Clutha River

Clutha River


The Clutha River is the second longest river in New Zealand and flows south-southeast for 340 kilometres through Central and South Otago to the Pacific Ocean, 75 kilometres south west of Dunedin.


The ultimate source of the river is at the end of the Makarora River, close to the saddle of the Haast Pass, which flows into the northern end of Lake Wanaka. The southern end of the lake drains into the nascent Clutha close to Albert Town, where it is met by its first main tributary, the Hawea River the outflow of Lake Wanaka's twin, Lake Hawea. It is also met here by the Cardrona River. Shortly thereafter the river widens into Lake Dunstan, an artificial lake created behind the massive hydroelectric dam at Clyde. At this point it is joined by another tributary, the Lindis.

Fifty kilometres south of Lake Wanaka, the Clutha reaches the town of Cromwell, which was substantially altered when the Clyde Dam project was completed in the late 1980s. Here the river is joined by the waters of the Kawarau, which flows from Lake Wakatipu. Prior to the construction of the Clyde Dam, this junction was renowned for the difference in colour between the two rivers’ waters.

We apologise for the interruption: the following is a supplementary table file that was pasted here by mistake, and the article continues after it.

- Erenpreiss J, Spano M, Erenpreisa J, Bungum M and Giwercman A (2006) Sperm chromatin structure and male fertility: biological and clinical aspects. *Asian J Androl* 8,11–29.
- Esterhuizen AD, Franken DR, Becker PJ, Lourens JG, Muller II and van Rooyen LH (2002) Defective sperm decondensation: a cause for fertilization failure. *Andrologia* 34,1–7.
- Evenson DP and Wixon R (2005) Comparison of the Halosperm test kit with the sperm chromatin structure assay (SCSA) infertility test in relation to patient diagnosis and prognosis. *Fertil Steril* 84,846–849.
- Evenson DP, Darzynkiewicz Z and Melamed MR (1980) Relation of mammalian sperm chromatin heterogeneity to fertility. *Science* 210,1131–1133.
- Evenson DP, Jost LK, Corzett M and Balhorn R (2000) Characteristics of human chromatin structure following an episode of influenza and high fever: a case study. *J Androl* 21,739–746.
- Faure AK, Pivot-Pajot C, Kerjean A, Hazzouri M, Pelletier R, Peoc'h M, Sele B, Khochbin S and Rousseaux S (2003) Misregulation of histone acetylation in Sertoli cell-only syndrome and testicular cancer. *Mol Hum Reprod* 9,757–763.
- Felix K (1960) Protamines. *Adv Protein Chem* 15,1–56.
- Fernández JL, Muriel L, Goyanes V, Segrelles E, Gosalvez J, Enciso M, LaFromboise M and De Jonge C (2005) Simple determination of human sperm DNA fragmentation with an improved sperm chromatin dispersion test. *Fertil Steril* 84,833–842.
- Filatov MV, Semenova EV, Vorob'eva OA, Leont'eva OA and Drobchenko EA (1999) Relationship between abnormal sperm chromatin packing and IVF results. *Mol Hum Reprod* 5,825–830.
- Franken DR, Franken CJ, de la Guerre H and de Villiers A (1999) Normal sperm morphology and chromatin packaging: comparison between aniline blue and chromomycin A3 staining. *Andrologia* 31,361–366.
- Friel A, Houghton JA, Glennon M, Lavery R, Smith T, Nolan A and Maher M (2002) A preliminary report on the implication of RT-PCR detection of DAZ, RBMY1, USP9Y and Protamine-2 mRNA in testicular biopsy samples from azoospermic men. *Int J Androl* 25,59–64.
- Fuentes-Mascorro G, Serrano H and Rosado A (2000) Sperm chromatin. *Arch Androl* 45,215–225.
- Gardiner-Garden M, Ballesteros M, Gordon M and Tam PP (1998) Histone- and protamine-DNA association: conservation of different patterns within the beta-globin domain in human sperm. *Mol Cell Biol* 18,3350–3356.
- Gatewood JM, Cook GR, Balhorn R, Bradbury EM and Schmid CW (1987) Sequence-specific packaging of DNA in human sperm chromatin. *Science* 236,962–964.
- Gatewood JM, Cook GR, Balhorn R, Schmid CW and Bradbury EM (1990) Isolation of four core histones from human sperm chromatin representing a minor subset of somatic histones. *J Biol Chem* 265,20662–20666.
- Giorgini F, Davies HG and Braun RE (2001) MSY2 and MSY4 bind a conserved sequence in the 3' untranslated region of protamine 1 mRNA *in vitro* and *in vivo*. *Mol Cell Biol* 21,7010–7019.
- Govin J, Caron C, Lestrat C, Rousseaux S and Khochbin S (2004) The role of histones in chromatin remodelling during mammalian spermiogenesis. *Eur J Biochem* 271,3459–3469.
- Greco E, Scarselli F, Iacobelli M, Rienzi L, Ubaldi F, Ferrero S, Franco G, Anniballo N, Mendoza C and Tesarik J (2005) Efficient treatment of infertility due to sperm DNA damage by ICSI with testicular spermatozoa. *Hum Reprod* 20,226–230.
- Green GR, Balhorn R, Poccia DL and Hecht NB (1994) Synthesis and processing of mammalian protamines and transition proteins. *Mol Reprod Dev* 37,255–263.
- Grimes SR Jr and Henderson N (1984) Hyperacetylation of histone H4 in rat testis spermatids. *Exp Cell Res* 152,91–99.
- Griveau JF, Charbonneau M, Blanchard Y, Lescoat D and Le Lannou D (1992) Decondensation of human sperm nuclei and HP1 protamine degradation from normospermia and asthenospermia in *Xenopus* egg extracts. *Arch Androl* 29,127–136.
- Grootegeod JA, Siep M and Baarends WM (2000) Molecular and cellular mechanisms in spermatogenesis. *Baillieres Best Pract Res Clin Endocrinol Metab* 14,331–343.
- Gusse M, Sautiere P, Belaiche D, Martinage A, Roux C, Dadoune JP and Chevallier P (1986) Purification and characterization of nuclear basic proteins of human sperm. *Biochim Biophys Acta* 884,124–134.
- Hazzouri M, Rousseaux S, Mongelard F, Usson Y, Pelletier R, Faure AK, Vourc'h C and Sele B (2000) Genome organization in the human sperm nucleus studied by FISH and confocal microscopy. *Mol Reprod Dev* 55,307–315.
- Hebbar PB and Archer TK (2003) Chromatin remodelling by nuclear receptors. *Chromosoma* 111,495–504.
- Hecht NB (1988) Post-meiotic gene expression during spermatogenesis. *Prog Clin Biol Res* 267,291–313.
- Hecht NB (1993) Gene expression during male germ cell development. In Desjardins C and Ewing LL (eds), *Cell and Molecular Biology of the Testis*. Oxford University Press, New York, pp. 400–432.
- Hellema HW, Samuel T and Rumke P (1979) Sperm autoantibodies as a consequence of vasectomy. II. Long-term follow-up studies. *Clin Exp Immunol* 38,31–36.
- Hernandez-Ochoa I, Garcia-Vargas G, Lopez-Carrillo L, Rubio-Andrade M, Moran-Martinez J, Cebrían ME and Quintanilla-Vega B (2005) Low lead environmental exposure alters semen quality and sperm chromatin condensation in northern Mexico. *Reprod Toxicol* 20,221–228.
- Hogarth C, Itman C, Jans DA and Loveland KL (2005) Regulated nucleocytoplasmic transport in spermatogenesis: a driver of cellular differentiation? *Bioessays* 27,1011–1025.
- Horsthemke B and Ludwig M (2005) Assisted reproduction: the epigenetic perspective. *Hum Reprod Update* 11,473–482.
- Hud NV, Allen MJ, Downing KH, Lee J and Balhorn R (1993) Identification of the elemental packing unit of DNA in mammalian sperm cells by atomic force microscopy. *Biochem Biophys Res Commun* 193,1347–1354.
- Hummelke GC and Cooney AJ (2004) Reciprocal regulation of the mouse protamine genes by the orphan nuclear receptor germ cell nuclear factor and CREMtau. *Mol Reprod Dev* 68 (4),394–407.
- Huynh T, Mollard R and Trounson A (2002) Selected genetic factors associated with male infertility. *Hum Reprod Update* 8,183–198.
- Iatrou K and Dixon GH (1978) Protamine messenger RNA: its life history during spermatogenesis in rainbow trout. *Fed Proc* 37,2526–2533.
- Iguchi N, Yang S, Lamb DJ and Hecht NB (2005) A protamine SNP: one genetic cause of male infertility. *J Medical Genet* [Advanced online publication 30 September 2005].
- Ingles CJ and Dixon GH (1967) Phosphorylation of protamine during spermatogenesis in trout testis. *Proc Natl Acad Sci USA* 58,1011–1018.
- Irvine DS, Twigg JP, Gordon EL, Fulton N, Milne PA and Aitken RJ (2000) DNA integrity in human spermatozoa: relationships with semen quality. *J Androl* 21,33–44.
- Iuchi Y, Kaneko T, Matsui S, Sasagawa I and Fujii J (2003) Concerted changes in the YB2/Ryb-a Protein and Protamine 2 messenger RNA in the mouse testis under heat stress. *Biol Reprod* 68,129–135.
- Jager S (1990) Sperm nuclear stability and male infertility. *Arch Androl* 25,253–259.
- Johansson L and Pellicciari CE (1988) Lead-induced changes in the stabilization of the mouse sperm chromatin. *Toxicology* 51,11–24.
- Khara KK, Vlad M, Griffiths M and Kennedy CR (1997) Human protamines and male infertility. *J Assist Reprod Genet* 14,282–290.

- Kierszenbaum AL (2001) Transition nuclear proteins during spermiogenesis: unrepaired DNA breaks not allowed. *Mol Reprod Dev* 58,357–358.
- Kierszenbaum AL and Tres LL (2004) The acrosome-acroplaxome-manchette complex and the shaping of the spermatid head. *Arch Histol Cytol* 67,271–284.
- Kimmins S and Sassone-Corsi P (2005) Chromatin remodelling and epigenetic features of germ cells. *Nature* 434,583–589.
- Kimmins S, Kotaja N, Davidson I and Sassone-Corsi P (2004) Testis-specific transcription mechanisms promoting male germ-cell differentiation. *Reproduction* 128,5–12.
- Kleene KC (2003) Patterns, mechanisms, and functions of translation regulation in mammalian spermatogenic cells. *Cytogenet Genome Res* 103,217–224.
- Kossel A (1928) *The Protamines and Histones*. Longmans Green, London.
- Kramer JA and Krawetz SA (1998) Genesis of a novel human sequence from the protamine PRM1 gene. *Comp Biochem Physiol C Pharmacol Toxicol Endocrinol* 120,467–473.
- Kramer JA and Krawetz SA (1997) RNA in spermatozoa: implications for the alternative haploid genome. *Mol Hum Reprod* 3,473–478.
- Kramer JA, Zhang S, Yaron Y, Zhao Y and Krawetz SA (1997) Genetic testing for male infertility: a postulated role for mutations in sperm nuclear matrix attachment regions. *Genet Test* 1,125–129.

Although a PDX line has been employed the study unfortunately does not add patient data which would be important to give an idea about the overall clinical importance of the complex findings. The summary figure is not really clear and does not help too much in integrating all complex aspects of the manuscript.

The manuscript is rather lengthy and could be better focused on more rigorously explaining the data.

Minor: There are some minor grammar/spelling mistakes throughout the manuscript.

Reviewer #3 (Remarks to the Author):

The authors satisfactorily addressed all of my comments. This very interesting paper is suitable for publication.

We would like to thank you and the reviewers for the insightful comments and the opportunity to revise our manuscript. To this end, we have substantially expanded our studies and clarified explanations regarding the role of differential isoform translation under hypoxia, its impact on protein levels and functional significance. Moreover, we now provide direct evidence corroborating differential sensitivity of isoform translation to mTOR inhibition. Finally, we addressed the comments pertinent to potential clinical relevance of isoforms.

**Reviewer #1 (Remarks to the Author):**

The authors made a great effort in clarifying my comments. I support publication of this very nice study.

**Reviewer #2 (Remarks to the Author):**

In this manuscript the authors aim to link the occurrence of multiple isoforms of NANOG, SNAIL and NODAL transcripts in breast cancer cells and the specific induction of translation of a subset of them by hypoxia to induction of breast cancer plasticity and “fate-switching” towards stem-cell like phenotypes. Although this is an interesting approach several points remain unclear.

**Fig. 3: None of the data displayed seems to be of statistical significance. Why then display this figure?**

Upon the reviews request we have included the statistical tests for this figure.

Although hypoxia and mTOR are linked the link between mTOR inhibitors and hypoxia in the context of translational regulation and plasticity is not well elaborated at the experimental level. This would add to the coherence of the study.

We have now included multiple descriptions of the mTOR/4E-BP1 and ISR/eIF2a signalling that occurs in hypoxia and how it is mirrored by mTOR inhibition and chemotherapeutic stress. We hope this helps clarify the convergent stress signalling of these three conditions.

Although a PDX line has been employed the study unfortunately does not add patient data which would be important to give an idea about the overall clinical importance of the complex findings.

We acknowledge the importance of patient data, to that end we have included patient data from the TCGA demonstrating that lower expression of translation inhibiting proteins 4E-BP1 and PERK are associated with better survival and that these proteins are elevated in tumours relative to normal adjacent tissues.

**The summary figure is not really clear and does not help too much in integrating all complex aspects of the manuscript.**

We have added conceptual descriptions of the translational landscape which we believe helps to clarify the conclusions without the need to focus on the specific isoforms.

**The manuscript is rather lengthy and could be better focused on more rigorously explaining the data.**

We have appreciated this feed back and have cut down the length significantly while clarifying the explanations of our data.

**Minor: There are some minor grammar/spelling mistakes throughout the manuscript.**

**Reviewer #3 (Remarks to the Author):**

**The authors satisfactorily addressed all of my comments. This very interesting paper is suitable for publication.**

The river then flows southeast through the scenic Cromwell Gorge to Clyde and nearby Alexandra, where it is joined by the waters of the Manuherikia River. South of Alexandra the river widens again to form Lake Roxburgh, another artificial lake, behind the Roxburgh Dam, which was constructed in the late 1950s. The town of Roxburgh sits close to the river, 120 kilometres downstream from Lake Wanaka.

From here the river continues southeast past the towns of Ettrick, Millers Flat, and Beaumont, before it is met by the Tuapeka River at Tuapeka Mouth. At this point the river turns southward, before being met by its last major tributary, the Pomahaka River, which joins the Clutha 30 kilometres from the coast. The river passes the town of Balclutha before widening into the Clutha delta which contains the large flat island of Inch Clutha.